With all of these rich threads in our heritage we would be fools to not want to trace the cultural contributions to who were are today. Our base in the indigene Khoena and San, and in other indigene Africans too, is enhanced by these different tributaries that resulted in a new creation in Africa and of Africa. Not to be forgotten were the many non-conformist and rebel Europeans who crossed the boundaries of race and colour and chose to assimilate into the Camissa Footprint. While many children were born of violence and abuse towards women of colour, there were many, many, wholesome relationships of love and care across the boundaries of colour where couples paid a huge price in social stigma and aggression. We should not be one-sided in our view of our past. Already by the time of the two governors van der Stel, who were of slave and European lineage, the ugly face of racism had began to be entrenched at the Cape – whereas prior to this the most of relationships at the Cape crossed the colour-line.
The Camissa embraced all of these and we are challenged to rediscover the Camissa in us and to celebrate our wholeness at this time of the year when we focus on our rich heritage. Our Indigene forebears at a time of assault and all sorts of pressures reached out to these other victims of colonialization and the slave trade and the integration processes became part of the strategy for survival. Our lack of acknowledgement of this part of our heritage needs to be addressed in our heritage discourse as does many more elements lost between the cracks and noise.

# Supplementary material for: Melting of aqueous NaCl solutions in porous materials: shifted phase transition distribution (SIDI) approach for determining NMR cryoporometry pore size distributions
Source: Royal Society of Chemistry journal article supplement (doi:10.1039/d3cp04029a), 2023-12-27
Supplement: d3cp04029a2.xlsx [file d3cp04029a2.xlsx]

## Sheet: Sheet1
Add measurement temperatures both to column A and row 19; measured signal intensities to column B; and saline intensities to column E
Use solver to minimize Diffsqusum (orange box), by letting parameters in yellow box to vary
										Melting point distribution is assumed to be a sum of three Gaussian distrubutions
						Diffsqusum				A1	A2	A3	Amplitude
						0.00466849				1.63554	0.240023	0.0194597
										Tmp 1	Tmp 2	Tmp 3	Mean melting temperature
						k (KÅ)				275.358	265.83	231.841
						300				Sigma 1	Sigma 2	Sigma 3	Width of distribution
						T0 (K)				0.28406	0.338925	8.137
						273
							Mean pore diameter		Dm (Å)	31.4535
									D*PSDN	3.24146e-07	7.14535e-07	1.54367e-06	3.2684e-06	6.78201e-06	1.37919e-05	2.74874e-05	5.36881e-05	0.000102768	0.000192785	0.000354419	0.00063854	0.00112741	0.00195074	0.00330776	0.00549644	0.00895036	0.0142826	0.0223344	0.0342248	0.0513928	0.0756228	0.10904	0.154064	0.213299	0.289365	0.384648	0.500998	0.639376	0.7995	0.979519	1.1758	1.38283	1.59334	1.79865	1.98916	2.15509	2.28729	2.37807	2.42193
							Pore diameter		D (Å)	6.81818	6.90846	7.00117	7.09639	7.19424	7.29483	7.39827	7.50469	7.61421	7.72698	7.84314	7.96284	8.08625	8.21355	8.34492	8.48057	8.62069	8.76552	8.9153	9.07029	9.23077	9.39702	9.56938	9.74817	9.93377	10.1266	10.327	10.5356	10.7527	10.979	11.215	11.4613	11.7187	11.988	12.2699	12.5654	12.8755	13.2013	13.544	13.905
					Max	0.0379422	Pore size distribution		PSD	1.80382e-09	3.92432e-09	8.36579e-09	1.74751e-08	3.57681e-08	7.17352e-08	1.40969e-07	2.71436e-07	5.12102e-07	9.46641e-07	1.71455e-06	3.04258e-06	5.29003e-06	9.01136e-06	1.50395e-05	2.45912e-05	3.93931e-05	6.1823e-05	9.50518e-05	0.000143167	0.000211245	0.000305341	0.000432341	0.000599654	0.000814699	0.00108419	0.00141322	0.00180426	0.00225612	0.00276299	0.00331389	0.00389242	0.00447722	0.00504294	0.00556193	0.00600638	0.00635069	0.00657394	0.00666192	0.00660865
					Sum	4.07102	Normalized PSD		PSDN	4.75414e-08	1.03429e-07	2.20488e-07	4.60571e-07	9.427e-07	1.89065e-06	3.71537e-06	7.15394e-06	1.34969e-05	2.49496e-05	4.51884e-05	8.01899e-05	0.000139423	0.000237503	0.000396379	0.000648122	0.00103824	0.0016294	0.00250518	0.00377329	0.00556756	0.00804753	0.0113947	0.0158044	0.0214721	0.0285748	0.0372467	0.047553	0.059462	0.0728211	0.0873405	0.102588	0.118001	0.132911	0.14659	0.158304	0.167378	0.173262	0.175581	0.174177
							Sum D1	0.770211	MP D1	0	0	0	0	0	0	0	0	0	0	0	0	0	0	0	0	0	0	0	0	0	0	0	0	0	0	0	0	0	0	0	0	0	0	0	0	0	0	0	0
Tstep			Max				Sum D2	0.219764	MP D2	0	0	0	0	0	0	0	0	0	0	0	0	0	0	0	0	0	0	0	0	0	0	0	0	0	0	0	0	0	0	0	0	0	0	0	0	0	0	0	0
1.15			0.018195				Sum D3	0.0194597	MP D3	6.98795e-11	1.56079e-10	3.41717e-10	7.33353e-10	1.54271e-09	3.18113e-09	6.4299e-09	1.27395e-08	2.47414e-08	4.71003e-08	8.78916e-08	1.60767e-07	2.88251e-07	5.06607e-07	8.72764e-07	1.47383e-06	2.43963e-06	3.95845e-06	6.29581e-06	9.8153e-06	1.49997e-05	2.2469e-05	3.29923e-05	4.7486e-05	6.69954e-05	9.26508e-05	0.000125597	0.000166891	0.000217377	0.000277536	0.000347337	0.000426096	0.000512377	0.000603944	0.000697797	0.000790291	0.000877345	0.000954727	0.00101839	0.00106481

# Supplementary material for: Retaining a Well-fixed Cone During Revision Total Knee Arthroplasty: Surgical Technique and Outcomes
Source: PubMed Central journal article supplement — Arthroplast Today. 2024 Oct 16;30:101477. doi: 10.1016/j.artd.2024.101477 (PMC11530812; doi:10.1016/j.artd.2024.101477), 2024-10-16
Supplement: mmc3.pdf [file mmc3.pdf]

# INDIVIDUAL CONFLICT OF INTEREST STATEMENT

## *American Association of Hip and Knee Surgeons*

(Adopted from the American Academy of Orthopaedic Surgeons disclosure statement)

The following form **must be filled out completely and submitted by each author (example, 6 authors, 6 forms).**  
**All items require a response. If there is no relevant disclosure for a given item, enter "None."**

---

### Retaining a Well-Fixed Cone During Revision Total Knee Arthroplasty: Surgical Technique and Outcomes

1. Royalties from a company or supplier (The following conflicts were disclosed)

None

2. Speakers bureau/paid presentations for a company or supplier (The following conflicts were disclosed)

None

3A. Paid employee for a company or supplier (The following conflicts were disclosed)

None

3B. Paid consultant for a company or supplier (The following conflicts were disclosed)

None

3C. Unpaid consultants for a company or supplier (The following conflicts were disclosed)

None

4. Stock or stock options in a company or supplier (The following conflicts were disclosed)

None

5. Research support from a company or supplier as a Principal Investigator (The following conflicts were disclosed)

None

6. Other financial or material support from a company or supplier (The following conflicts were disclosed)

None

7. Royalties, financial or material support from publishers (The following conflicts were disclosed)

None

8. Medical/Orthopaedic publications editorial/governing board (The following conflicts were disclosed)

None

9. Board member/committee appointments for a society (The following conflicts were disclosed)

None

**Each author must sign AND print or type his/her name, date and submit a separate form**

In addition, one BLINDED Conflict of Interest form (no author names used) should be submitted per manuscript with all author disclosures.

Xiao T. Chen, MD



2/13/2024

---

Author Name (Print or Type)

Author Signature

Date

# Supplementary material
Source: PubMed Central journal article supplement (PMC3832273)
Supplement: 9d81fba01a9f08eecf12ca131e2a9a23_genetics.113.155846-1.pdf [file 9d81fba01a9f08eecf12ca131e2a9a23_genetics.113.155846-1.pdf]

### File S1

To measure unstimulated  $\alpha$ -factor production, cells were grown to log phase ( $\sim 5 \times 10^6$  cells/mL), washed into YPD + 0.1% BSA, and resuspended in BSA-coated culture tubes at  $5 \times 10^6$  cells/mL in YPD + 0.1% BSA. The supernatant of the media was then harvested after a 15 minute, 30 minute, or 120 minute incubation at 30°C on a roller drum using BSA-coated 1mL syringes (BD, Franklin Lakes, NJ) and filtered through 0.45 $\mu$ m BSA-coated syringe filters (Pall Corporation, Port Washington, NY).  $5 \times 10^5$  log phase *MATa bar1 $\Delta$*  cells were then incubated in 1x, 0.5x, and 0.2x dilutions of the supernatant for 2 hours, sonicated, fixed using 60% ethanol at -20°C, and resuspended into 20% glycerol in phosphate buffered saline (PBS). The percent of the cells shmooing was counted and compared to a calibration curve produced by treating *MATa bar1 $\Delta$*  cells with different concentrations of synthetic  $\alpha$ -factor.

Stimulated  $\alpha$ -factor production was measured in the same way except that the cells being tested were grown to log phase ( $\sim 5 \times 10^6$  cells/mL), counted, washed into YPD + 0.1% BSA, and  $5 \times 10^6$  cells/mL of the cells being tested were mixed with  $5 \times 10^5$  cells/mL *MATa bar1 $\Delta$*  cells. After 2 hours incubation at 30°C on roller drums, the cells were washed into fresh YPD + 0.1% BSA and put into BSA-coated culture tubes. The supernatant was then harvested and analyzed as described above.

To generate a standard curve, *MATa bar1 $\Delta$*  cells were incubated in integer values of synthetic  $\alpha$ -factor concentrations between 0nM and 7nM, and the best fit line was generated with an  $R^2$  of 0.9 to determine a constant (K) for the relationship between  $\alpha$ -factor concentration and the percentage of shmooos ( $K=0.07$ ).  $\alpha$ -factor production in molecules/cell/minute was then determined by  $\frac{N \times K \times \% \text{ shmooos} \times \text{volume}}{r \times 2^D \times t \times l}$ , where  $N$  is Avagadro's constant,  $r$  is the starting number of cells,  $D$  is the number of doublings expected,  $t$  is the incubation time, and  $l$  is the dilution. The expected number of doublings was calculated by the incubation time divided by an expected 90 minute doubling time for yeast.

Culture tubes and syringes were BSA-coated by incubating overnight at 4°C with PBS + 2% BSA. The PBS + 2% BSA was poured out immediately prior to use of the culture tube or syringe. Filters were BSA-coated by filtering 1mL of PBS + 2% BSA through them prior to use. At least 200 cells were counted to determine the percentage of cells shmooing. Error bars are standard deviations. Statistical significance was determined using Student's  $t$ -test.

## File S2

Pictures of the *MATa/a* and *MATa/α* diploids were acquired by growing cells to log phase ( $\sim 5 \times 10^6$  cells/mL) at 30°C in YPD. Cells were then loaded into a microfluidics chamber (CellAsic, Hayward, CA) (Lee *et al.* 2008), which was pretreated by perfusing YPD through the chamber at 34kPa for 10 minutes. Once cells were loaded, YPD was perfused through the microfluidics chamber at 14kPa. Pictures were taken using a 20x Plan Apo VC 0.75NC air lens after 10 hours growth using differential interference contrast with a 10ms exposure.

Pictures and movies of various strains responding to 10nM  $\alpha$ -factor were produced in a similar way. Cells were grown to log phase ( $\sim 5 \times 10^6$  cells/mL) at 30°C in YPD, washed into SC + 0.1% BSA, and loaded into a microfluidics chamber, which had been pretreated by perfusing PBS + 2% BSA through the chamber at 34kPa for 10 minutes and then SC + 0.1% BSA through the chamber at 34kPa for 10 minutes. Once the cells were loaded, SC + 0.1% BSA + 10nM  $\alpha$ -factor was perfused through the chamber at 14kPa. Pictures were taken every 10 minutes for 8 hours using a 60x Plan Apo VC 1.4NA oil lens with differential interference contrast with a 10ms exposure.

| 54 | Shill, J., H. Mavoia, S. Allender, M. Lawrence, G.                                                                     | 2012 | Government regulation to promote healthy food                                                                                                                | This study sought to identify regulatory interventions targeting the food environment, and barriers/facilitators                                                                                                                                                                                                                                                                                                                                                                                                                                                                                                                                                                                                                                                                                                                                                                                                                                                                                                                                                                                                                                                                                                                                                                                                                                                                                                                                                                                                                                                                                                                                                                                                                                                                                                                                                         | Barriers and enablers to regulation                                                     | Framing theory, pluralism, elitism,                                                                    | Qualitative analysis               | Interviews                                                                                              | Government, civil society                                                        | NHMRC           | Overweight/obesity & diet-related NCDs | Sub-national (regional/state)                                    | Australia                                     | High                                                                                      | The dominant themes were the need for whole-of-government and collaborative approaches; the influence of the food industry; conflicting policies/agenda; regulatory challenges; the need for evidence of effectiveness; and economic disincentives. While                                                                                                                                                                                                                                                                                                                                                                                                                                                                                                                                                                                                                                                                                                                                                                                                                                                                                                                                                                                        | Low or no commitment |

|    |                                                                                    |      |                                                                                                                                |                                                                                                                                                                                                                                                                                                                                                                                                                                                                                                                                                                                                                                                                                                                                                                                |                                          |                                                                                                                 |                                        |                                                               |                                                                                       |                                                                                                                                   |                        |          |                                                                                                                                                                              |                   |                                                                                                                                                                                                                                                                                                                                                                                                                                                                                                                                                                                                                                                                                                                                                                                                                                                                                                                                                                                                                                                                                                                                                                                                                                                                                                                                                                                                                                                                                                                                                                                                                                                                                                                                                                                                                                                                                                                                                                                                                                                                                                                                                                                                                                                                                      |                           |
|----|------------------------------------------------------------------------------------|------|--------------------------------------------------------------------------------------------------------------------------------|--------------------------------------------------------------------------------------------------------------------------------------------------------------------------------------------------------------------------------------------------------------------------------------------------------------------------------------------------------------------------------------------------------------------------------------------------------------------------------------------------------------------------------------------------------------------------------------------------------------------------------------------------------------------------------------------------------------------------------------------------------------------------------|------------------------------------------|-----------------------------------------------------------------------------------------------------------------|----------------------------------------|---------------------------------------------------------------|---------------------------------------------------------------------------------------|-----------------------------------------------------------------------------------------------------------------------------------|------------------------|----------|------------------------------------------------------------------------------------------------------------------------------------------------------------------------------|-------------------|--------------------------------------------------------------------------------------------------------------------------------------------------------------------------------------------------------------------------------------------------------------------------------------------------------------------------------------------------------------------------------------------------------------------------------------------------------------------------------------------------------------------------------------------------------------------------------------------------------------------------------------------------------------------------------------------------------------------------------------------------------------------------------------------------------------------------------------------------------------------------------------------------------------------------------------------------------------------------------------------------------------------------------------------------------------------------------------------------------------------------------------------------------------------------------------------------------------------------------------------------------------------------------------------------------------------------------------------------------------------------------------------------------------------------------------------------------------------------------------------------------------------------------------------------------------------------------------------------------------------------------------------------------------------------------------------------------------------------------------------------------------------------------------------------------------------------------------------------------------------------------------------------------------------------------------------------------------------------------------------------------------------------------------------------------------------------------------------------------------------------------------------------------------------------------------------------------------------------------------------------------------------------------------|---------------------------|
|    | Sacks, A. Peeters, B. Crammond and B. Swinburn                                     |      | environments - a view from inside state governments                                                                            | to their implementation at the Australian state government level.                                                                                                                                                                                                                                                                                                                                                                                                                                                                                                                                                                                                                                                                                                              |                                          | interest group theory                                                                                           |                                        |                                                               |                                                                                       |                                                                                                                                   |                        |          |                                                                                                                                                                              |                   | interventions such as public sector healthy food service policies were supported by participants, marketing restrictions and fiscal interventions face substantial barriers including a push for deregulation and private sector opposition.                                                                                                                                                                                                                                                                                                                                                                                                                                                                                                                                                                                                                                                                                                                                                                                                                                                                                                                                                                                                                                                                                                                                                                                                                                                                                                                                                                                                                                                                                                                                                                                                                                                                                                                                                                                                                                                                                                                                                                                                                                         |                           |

Migrations forced and voluntary, by people of colour, still flow across our shoreline frontier and continue to enhance our society. Camissa will embrace these too and in time these will embrace Camissa. We need to be careful of bigotry, xenophobia, racism, tribalism and ethno-nationalism and nativism. This is all cut from the same poisonous cloth. This is not heritage and the difference between these and heritage should never be confused. We have many pathologies that play out among us in antagonisms between various groups – the artificial black and bruin arguments are a part of these. Most often when closely examined, one finds ideologically skewed understanding of history and false social constructs that are revived over and over again.
(For those who have not read my other work on the Camissa Footprint and want to understand what is meant by this term…. Please consult www.camissapeople.wordpress.com )
May all on this heritage weekend stop awhile and think about the ties that bind us, and celebrate your heritage / our heritage – whether African in all its diversity from amaXhosa, Khoena, San and Camissa to Venda, Lembe and Korana – or Afro-European celebrating the best of European diversity and the Africa that you and yours embrace – or Afro-Asian celebrating the meeting of the deep ancient values of eastern diversity and the equally deep spirit of Ngoma and Ubuntu of Africa. Have a great Heritage Day.